NYC’s Fentanyl Ad:
My friend recently sent me a photo of a NYC health department ad on the subway, with the text, “Can you believe this?”
Here is a screenshot of the ad:
It reads, “Don’t be ashamed you are using, be empowered that you are using safely.” The small print (which no one is talking about), describes what Fentanyl is, why it is dangerous and ways to prevent overdose, which include not using alone, starting with a “small dose”, having naloxone on hand, avoiding mixing drugs and using Fentanyl testing strips (which are strips that detect fentanyl). There’s also no mention of the long term effects of overdoses (it’s not just death) which could be an interesting avenue to explore in terms of communicating to the public.
A lot of folks on social media were upset with this ad, and honestly, I can understand why. I don’t know if the NYC Health Dept did any prior message testing to see how the public would react to this ad, but I would call it a hit and a miss. Message testing is essentially doing a survey to see how people react to the displayed ad. Of course the Catch-22 with message testing, especially for a sign displayed on a train taken by millions of people with varying beliefs, politics and opinions, is that your sample population should reflect that variation in beliefs, politics and opinions. That does not always happen.
The Dept of Health meant well, in that they were emphasizing that drug addiction is a disease, and there shouldn’t be any shame in having access to supplies/drugs/people/places that would help someone use safely. The ad is timely, because people are dying at an an increased rate from fentanyl overdoses, and fentanyl is being put in everything today. So even a recreational pot smoker might be at risk. I encourage you to at least have fentanyl testing strips if you are going to use drugs. I also think the ad would have been fine in certain locations, just not a subway.
The critics on social media reposted the ad with commentary like, “NYC says using fentanyl is empowering!” FOX news picked it up here: NYC’s heroin-fentanyl poster sparks anger from Top City Council Republican. It made it on the Tucker Carlson show where he interviewed Gina McDonald, co-founder of Mothers Against Drug Deaths, where she and him blasted it– particularly that word “empowering.”
Here’s the thing, and as someone who has analyzed public health data and done work in scicomms at the federal level, I feel comfortable saying this: 99% of public health is communication. It’s connecting to your target audience. Public Health is a science that addresses issues at the population level, meaning you are dealing with folks with different understandings of the world, opinions, backgrounds, different religions and politics. Because of that, you will never write a health message that pleases everyone. Not a chance. But at the same time, it’s a public health professional’s job to try to connect with as many segments of the population as possible. If a public health professional consistently resonates with a fraction of the population while consistently isolating or “turning off” another, that public health professional is failing. (See COVID response, ahem.) And not to go full West Point (alma mater) on anyone, but “it’s too hard” or “it’s too political” or (“whatever…insert here”) is not an excuse for a leader. A leader’s job is to look at his/her playing field and figure it out. Maybe you need to build something new, maybe you need to be super creative,maybe you need to reevaulate your approach…whatever. It’s a leader’s job to take his/her cards and figure it out.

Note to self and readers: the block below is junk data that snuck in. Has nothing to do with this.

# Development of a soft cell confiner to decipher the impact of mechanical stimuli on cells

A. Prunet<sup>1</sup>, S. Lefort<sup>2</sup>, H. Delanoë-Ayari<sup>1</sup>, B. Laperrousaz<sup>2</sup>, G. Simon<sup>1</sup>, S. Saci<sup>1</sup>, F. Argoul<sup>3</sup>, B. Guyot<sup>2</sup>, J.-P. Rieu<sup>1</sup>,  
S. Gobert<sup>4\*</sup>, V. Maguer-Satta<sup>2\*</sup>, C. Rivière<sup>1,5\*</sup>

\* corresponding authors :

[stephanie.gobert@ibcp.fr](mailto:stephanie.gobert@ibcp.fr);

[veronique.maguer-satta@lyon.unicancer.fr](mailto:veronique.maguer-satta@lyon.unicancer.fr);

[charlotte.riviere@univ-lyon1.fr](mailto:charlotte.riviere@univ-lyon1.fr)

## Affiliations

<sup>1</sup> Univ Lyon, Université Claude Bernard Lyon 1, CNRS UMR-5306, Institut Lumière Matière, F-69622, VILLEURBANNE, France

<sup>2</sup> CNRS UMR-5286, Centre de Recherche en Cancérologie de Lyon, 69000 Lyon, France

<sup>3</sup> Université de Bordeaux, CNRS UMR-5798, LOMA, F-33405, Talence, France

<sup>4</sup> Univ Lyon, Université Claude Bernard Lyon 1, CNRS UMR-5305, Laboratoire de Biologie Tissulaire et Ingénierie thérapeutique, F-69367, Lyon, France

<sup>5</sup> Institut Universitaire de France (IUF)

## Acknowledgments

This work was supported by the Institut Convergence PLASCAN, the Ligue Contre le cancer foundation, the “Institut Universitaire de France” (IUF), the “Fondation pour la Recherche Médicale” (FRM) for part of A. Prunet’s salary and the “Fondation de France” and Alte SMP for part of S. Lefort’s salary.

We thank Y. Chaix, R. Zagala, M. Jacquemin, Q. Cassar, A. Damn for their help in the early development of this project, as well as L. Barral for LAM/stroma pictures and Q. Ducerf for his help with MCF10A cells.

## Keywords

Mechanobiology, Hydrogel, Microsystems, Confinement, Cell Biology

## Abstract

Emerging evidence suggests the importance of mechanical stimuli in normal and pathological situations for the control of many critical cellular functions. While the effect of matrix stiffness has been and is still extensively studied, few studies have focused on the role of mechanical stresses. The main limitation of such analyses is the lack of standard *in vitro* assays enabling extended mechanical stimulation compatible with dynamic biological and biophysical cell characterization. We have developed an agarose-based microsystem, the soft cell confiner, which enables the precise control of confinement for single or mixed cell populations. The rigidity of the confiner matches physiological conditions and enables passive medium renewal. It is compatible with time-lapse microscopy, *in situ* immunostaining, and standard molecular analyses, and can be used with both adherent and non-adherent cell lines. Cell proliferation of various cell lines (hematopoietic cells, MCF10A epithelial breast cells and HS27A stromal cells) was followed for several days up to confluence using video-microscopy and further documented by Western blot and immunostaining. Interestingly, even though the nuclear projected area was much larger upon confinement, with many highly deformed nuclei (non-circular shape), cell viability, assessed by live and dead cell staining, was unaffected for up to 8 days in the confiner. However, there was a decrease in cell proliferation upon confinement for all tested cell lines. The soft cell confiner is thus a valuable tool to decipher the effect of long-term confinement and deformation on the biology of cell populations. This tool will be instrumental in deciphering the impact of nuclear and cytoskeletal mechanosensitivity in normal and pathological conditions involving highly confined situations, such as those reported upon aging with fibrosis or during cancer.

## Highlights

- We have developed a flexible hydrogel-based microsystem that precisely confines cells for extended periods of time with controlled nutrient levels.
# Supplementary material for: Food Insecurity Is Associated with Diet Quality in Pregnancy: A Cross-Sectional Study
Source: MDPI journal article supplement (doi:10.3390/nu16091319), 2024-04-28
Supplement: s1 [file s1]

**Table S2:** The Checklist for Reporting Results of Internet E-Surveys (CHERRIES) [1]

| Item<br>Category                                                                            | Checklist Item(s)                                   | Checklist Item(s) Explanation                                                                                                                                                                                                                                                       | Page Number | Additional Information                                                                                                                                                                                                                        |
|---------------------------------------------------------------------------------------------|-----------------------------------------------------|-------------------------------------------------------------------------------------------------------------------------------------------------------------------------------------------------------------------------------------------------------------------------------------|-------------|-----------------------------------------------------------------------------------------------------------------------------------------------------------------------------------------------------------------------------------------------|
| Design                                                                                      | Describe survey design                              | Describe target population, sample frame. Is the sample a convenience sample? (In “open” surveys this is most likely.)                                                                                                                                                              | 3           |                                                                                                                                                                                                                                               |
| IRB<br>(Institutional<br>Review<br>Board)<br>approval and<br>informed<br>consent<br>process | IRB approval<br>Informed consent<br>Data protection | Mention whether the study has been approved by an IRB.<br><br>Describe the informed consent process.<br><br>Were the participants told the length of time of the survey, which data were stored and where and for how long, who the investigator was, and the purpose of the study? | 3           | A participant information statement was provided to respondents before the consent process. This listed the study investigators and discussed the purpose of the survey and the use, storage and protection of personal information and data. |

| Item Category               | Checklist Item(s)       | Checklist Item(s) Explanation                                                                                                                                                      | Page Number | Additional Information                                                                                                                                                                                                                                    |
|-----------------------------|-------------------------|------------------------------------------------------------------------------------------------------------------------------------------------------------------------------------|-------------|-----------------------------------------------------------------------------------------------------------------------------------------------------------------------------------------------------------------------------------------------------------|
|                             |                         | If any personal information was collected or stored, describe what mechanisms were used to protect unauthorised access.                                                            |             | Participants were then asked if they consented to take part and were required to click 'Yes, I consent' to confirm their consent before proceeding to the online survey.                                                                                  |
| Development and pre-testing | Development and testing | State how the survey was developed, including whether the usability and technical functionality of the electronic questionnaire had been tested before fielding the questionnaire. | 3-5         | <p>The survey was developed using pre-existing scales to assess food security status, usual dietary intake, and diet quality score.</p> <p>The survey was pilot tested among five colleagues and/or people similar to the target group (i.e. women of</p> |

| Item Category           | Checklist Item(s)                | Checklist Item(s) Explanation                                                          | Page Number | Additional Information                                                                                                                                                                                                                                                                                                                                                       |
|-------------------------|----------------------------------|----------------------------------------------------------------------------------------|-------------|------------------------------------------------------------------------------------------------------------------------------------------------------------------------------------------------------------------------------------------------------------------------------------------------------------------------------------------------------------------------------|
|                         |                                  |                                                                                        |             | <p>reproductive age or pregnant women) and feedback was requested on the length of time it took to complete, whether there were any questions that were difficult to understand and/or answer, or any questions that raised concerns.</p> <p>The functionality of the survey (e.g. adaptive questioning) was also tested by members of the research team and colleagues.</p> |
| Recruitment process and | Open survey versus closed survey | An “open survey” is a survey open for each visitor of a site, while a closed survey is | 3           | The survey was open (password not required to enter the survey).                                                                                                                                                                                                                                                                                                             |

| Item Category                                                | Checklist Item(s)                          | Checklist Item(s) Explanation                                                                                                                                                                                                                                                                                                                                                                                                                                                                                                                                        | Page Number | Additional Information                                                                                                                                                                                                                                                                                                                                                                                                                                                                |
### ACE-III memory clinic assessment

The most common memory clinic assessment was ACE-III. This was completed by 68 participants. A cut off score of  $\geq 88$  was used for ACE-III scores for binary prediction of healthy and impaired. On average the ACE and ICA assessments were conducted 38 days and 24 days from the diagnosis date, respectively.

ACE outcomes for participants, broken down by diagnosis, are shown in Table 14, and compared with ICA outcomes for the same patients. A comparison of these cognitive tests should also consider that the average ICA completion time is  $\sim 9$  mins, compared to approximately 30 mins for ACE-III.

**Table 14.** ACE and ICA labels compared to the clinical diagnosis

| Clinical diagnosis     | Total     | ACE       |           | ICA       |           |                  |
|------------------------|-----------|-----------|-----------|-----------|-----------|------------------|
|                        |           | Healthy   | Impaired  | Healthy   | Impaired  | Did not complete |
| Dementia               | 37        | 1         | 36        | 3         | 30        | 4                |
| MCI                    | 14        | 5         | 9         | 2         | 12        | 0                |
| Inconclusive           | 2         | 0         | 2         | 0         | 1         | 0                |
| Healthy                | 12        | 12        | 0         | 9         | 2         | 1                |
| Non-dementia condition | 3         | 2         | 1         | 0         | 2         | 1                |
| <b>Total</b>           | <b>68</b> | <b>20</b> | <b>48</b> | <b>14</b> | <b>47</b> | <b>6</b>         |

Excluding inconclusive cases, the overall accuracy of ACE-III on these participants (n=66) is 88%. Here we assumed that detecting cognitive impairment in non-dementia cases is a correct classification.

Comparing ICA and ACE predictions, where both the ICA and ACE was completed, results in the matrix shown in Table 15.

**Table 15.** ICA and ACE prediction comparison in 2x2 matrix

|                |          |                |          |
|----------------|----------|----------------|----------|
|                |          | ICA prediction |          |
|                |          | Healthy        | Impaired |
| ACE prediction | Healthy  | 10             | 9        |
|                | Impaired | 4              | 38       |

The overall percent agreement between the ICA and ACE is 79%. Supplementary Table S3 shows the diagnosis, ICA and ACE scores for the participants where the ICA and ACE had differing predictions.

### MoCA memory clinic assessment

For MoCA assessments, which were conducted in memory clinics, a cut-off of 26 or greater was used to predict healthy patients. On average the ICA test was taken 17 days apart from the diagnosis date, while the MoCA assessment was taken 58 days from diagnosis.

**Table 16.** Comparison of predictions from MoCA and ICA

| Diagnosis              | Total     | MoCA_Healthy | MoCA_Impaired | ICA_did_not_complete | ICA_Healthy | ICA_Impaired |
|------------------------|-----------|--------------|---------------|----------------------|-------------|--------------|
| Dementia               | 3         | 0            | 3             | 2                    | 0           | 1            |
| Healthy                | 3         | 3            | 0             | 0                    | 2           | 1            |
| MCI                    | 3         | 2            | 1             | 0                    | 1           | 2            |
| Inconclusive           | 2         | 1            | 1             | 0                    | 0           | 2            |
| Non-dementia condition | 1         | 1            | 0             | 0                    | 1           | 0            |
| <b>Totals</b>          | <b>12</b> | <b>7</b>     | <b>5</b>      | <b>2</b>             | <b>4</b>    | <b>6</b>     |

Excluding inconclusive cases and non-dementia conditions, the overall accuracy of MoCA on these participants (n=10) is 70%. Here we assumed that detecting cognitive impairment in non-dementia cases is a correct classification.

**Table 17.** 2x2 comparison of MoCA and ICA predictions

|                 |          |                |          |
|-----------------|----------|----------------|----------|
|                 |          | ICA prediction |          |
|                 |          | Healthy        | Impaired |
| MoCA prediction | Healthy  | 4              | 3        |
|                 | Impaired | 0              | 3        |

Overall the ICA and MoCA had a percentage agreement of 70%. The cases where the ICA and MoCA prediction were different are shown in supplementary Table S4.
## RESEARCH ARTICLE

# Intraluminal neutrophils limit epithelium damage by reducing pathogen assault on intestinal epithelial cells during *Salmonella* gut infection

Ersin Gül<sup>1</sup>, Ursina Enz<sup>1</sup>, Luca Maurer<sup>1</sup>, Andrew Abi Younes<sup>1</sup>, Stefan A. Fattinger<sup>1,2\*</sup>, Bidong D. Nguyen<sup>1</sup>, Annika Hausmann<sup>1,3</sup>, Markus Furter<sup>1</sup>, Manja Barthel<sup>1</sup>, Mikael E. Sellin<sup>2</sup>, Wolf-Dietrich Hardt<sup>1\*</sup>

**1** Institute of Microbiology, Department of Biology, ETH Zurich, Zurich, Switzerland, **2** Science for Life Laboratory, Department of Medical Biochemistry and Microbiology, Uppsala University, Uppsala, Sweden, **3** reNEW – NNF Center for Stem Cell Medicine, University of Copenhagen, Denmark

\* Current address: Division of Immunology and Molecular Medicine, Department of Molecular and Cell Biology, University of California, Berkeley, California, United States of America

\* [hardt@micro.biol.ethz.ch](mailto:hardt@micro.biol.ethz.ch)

Back to this particular ad…it turns off large portions of the population who view it as encouraging drug use in their communities. The person in the ad looks young, so parents might see it and view it as promoting drug use for their kids. We can talk about the relationship between political affiliation and public health, but for now, let’s just say that many folks would view this ad as irresponsible. I think the word “empowering” is the nail in the coffin for many. What would I have done? I would have told the health department to focus on “protection” vs “empowerment.” Write a message about how safe drug use protects inidividuals, communities and overdose deaths. I never would have went with “empowering.” And by the way, if you talk to a lot of folks struggling with drug use, many of them will tell you that it is far from empowering. It’s awful and agonizing.
While I think the intent was good here, the ad misses the mark. That said, it’s not at the level of South Dakota’s 2019 state-wide anti-meth campaign that the internet had an absolute blast with. God bless’em, but their ads made it seem like everyone was doing meth, having an okay time and wanted everyone else to do meth too. Here is a screenshot of that campaign to remind you:
Other Health Comms Musings to check out: